• A detailed assessment of the current market landscape with respect to the players (industry and non-industry) involved in manufacturing radiopharmaceuticals. It features information on the year of establishment, company size, purpose of production (fulfilling in-house requirements / for contract services), location of headquarters, location of manufacturing facilities, scale of production, applications of radiopharmaceuticals (in diagnosis, therapeutics and theranostics), type of diagnostic radiopharmaceuticals (PET and SPECT), type of therapeutic radiopharmaceuticals (alpha emitters, beta emitters and others), target therapeutic area (cardiology, oncology, neurology, thyroid and others) and services offered.
  • An insightful four-dimensional comparison of the radiopharmaceutical manufacturers, based on supplier power (year of establishment), product portfolio (number of isotopes being manufactured for various applications targeting different therapeutic areas) of the manufacturer, scale at which they manufacture their respective products and company size.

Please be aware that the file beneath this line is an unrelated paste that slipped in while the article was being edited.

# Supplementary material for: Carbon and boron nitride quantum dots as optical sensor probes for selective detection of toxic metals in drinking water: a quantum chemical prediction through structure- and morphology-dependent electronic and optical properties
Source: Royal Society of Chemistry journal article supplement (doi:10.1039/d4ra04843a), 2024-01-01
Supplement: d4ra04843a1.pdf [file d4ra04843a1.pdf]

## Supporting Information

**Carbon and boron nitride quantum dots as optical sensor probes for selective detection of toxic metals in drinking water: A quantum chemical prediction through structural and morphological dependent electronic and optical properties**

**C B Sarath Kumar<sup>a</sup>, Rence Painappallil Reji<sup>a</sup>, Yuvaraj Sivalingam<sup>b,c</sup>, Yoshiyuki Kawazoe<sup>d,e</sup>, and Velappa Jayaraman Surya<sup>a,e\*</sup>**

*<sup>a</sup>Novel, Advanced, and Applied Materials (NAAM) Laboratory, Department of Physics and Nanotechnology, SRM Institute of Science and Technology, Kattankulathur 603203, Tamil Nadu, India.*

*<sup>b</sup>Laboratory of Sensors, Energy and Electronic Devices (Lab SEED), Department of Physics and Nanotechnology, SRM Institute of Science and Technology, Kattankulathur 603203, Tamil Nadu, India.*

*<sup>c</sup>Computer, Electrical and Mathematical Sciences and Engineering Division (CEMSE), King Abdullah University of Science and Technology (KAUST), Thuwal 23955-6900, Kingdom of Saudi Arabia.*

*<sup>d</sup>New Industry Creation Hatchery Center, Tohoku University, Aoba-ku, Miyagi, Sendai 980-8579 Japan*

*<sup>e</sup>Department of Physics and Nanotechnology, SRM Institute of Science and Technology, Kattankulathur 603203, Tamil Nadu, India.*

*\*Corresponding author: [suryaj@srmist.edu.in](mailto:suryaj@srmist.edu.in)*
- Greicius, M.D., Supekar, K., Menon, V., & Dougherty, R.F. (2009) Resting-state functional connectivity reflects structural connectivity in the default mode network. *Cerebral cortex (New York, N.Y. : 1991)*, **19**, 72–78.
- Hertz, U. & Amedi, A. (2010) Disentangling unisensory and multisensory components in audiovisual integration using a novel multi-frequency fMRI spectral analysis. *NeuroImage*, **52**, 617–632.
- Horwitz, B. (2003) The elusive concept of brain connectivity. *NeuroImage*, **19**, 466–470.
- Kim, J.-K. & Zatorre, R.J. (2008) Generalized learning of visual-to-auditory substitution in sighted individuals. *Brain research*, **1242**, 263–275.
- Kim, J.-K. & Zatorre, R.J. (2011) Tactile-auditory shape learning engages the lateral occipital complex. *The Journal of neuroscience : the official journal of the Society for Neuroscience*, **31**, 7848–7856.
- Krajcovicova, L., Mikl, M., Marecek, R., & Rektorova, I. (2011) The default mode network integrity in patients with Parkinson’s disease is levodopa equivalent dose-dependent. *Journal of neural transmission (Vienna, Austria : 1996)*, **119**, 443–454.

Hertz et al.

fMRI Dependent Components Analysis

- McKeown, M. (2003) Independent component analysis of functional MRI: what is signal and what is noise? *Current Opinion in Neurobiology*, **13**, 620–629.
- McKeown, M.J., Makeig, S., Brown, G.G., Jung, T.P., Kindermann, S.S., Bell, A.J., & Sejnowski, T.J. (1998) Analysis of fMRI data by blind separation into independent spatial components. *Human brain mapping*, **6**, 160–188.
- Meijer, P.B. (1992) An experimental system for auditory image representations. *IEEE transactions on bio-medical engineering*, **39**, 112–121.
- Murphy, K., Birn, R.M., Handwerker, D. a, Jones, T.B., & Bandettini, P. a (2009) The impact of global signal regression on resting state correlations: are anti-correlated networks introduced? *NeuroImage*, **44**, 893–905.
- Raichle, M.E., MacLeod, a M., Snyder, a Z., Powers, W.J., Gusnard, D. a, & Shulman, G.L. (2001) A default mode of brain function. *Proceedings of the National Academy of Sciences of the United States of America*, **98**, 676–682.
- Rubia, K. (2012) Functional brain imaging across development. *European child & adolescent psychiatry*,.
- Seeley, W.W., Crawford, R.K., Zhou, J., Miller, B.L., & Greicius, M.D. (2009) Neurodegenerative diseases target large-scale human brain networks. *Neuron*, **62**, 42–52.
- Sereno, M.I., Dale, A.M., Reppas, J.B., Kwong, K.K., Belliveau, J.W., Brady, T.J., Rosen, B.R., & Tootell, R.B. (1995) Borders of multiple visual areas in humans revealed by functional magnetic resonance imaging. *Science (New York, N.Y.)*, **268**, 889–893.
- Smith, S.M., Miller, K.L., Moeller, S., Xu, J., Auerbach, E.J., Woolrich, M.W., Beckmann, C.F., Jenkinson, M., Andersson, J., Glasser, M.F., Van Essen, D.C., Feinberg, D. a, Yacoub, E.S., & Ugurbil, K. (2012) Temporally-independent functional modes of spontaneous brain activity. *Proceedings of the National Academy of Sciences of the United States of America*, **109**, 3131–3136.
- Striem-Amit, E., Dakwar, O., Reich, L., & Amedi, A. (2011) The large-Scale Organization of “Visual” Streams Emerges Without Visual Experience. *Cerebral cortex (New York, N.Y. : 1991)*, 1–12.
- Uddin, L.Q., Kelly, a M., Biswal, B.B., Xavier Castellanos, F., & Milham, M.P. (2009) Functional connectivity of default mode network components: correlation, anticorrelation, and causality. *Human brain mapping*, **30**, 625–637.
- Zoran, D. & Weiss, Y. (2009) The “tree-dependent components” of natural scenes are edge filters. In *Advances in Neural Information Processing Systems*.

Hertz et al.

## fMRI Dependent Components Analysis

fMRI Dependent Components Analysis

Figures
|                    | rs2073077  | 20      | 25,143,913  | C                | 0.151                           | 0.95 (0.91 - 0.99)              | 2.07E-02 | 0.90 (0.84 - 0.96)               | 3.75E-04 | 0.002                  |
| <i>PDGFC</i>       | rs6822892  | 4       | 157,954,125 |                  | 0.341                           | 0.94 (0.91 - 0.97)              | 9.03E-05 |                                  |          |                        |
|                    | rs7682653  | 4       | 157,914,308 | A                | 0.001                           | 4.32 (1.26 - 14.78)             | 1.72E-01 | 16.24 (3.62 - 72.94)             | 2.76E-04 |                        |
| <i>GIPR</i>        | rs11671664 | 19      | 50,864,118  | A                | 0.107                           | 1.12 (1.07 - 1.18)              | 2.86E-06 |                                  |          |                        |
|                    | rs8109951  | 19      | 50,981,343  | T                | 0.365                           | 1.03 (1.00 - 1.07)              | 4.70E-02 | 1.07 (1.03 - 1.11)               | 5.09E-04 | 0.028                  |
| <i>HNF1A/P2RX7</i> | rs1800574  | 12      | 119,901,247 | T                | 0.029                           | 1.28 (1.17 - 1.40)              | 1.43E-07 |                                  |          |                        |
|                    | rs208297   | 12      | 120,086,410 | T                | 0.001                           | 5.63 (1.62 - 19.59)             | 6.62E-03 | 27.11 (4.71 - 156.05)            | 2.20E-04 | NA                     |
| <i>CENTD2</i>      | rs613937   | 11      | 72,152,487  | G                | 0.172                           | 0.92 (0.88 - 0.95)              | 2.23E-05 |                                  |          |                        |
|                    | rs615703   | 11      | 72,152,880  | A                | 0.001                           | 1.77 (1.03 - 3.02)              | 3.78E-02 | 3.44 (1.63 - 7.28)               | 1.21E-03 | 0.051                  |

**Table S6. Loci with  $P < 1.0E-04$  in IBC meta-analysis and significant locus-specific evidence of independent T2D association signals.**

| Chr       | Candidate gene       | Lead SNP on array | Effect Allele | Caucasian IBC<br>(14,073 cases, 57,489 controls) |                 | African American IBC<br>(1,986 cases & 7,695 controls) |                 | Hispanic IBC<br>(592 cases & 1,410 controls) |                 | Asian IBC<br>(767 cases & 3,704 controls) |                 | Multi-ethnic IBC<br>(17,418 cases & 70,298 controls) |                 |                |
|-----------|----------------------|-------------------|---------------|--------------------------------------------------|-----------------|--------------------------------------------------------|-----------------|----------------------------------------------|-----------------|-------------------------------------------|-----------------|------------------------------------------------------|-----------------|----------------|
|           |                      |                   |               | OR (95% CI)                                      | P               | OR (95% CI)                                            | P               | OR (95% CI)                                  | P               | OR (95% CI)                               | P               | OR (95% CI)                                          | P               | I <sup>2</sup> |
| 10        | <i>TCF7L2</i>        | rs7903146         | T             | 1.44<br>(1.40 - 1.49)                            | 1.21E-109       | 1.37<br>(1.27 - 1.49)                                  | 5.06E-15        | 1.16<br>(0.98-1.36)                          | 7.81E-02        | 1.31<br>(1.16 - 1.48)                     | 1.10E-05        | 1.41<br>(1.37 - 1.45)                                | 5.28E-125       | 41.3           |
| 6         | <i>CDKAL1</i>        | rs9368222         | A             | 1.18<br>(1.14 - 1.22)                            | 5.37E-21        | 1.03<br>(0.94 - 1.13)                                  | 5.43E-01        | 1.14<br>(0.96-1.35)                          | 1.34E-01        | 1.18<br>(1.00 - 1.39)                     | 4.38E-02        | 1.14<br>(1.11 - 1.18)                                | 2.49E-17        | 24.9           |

• Tabulated profiles of key industry players based in North America, Europe and Asia-Pacific (shortlisted based on the company size of the players), featuring a brief overview of the company, a list of products and manufacturing facilities, recent developments and an informed future outlook.
  • An analysis of recent partnerships and collaborations inked in this domain since 2017, based on several parameters, such as the type of partnership, year of partnership, type of radioisotope involved, therapeutic area mentioned in the agreement, application of the radioisotope mentioned in the agreement, and a schematic representation showcasing the players that have forged the maximum number of alliances. Furthermore, we have provided a world map representation of the deals inked in this field, highlighting those that have been established within and across different continents.
  • A detailed discussion on the supply chain model of medical isotope Mo-99 (Tc-99m), highlighting the main steps of the supply chain, from irradiation of uranium targets in nuclear research reactors to the administration of Tc-99m to patients. Along with this, it describes the structure of the